Year-End Stimulus Bill Permits, but Does Not Mandate, Extension of FFCRA Leave

Pillsbury Winthrop Shaw Pittman LLP

Pillsbury Winthrop Shaw Pittman LLP


  • Covered employers are permitted to extend partially paid FFCRA leave and to claim a payroll tax credit for qualifying leave taken through March 31, 2021.
  • FFCRA rights expire on December 31, 2020, for employees of covered companies who do not voluntarily elect to extend the benefits.
  • Employers must still accommodate employees with disabilities and comply with employee protections mandated by state and local laws.

Late on December 27, 2020, President Trump signed into law an omnibus stimulus bill. The new legislation contained much needed extensions of unemployment benefits that have supported many Americans who have experienced reduced work hours or lost their jobs during the pandemic, but it only partially extended the relief that Congress enacted in March as its first response to the pandemic: the Families First Coronavirus Response Act (FFCRA). As explained in this March 18, 2020 client alert, the FFCRA amended the Fair Labor Standards Act to mandate that employers with fewer than 500 employees (“covered employers”) provide up to 80 hours of partially paid emergency sick leave to employees unable to work because of their own or a family member’s COVID-19 symptoms, diagnosis, quarantine order, or to care for a child whose school or child care was unavailable due to the pandemic. The FFCRA also amended the federal Family and Medical Leave Act to entitle employees of covered employers to use up to 12 weeks of FMLA leave for home-schooling or childcare purposes due to the pandemic, with up to 10 weeks partially paid. As described in this March 27, 2020 client alert, employers could recoup the mandated partial payments through a payroll tax credit. FFCRA job protections and the payroll tax credit applied only to qualifying leave taken between April 1 and December 31, 2020.

Section 286 of the new stimulus legislation amends the FFCRA in several significant ways:

  • The mandatory elements of the FFCRA expire on December 31, 2020, as in the original legislation, but employers that have been subject to the FFCRA may voluntarily elect to extend until March 31, 2021, the period in which employees may take FFCRA leave – and for which employers may claim the FFCRA tax credit.
  • Employers must not take adverse action against an employee who seeks to take leave as provided for in the FFCRA.
  • The elective extension of FFCRA leave does not increase the FFCRA leave available to an employee, nor does it increase the maximum payroll tax credit available to the employer. The legislation merely extends the deadline for use of partially paid FFCRA leave by three months for employees of covered employers who opt to offer FFCRA leave during the extended period.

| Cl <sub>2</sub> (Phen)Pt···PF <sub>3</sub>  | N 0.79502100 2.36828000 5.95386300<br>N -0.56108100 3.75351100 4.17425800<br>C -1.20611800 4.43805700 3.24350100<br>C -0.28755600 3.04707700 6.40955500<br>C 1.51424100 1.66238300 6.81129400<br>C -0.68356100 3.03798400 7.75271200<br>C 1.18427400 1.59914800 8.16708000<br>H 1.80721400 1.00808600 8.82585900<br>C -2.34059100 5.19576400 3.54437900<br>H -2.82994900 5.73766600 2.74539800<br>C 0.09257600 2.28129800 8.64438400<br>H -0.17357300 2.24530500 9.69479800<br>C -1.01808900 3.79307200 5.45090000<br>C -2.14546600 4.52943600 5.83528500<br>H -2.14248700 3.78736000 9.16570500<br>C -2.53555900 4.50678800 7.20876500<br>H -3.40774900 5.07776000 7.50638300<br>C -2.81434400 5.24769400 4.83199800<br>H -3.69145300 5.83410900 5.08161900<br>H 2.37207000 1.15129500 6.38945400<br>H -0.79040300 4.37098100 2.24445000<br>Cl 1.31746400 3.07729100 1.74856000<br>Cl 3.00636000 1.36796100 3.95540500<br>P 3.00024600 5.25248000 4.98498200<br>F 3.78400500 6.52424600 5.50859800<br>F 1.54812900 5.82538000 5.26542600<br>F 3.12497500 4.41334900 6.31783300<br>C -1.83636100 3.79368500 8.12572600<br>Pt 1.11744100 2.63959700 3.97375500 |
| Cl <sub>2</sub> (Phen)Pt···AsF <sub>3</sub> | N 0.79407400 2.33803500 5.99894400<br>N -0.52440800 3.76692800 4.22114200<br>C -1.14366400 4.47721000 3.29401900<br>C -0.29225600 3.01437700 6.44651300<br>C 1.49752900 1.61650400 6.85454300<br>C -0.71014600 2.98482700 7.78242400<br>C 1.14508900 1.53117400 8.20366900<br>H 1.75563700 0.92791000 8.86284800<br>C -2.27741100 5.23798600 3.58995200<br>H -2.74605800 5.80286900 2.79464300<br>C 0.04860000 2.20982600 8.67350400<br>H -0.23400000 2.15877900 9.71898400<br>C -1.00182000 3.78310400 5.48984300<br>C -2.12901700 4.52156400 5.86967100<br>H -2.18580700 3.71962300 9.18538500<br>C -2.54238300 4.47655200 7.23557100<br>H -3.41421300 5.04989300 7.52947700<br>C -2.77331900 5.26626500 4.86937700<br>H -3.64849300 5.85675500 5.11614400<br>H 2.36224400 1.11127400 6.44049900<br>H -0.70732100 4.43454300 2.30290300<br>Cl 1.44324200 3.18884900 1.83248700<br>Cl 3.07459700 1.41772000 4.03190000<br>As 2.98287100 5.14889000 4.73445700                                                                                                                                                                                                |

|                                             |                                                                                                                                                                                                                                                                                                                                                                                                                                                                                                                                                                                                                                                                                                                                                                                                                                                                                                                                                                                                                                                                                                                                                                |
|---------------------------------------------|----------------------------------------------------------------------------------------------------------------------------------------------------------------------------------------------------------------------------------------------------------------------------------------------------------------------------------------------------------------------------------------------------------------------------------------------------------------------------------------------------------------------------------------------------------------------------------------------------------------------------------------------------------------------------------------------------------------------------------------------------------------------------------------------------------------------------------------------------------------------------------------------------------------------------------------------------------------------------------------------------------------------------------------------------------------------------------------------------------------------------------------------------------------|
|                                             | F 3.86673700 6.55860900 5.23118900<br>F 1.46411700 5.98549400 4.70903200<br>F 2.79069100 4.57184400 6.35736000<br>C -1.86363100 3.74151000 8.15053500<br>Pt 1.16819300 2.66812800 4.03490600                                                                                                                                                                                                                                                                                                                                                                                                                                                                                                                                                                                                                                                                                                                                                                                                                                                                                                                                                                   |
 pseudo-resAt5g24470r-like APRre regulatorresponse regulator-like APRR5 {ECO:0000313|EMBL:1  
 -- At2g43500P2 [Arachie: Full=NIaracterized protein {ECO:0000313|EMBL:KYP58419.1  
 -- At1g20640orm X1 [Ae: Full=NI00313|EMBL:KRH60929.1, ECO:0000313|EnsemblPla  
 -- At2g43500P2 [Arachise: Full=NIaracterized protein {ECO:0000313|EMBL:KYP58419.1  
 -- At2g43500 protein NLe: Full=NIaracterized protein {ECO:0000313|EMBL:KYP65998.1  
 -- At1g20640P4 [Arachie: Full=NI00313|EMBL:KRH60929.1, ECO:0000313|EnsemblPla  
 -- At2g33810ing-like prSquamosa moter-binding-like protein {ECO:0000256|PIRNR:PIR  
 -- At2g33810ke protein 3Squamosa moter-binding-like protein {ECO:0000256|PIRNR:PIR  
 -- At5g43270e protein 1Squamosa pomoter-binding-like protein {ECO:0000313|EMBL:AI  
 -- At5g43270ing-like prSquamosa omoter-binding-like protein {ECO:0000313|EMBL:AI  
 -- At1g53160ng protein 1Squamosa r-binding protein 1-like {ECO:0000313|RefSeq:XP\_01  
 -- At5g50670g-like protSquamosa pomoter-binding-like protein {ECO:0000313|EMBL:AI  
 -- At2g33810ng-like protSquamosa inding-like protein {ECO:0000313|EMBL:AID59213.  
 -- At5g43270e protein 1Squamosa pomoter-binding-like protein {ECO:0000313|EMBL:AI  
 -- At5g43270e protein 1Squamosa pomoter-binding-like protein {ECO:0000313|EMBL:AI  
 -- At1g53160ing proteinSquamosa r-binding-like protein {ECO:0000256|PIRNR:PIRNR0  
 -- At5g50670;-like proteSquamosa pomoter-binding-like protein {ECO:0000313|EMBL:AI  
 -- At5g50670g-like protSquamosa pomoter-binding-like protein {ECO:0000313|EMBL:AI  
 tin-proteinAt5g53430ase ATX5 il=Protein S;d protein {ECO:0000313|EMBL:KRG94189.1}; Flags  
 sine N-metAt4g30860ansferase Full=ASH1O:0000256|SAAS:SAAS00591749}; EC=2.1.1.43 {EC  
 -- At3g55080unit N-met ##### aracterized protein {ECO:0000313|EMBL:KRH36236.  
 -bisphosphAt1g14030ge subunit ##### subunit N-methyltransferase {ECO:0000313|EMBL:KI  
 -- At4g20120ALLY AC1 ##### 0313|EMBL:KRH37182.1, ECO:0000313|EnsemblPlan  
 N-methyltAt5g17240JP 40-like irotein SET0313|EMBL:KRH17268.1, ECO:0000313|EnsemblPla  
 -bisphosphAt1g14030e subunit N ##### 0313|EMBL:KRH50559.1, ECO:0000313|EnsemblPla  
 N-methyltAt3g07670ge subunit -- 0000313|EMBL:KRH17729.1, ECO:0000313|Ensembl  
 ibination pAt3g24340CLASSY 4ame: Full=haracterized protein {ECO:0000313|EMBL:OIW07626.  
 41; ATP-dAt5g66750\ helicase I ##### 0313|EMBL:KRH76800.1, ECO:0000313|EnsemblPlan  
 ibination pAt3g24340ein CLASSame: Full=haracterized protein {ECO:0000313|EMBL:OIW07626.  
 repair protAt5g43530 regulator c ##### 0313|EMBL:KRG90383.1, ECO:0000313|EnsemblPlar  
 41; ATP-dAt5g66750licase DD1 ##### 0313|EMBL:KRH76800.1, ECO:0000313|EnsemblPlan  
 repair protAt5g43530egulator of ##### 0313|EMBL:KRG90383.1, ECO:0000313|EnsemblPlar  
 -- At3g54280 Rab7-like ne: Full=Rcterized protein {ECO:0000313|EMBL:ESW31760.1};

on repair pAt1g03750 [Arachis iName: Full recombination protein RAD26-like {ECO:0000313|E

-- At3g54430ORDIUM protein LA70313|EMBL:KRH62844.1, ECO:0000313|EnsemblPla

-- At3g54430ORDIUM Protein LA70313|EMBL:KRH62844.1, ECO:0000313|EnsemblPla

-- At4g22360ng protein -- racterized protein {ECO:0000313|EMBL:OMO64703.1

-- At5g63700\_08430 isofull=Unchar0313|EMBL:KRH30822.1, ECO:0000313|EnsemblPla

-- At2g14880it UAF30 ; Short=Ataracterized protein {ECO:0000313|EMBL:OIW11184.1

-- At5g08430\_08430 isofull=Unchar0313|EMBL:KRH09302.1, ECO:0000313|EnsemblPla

Employers should consider now whether to offer the extended eligibility period for FFCRA leave to their employees and to notify their employees of the employer’s policy on this issue. The Department of Labor or the Internal Revenue Service may issue further guidance about the effects of the new legislation. Until there is guidance expressly permitting case-by-case decisions, however, employers would be prudent to decide on a categorical basis whether to make FFCRA leave available in the first quarter of 2021.

Employers must also bear in mind that, even though the FFCRA mandate is expiring, state and local paid leave mandates may continue. New York’s paid sick leave law for COVID-related absences, for example, does not have a calendar-year expiration date but rather remains in force for the duration of the pandemic. Under the federal Americans with Disabilities Act and state and local human rights laws, employers may also have to grant leave or telework approval to employees with disabilities that place them at higher risk of serious complications from COVID-19. Moreover, as explained in this June 11, 2020, client alert, deciding whether to mandate that employees return to onsite work requires careful consideration of the risks and the employer’s obligations under federal occupational safety and health laws. In short, employers should proceed carefully and consult with legal counsel before moving to terminate any employee’s employment as a result of the expiration of mandatory FFCRA leave.

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DISCLAIMER: Because of the generality of this update, the information provided herein may not be applicable in all situations and should not be acted upon without specific legal advice based on particular situations.

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